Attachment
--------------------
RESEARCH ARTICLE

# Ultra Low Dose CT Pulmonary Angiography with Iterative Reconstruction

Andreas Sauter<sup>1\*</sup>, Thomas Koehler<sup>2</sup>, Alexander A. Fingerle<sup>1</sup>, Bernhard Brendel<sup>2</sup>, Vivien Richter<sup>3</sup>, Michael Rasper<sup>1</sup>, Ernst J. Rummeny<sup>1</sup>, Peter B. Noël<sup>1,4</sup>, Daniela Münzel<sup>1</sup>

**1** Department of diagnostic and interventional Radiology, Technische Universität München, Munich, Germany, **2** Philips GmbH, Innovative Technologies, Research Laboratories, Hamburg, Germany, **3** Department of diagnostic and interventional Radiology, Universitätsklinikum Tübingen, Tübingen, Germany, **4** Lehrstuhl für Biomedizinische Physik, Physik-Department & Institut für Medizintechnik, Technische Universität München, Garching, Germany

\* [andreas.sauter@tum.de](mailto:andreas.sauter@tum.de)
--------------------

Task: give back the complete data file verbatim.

RESEARCH ARTICLE

# Ultra Low Dose CT Pulmonary Angiography with Iterative Reconstruction

Andreas Sauter<sup>1\*</sup>, Thomas Koehler<sup>2</sup>, Alexander A. Fingerle<sup>1</sup>, Bernhard Brendel<sup>2</sup>, Vivien Richter<sup>3</sup>, Michael Rasper<sup>1</sup>, Ernst J. Rummeny<sup>1</sup>, Peter B. Noël<sup>1,4</sup>, Daniela Münzel<sup>1</sup>

**1** Department of diagnostic and interventional Radiology, Technische Universität München, Munich, Germany, **2** Philips GmbH, Innovative Technologies, Research Laboratories, Hamburg, Germany, **3** Department of diagnostic and interventional Radiology, Universitätsklinikum Tübingen, Tübingen, Germany, **4** Lehrstuhl für Biomedizinische Physik, Physik-Department & Institut für Medizintechnik, Technische Universität München, Garching, Germany

\* [andreas.sauter@tum.de](mailto:andreas.sauter@tum.de)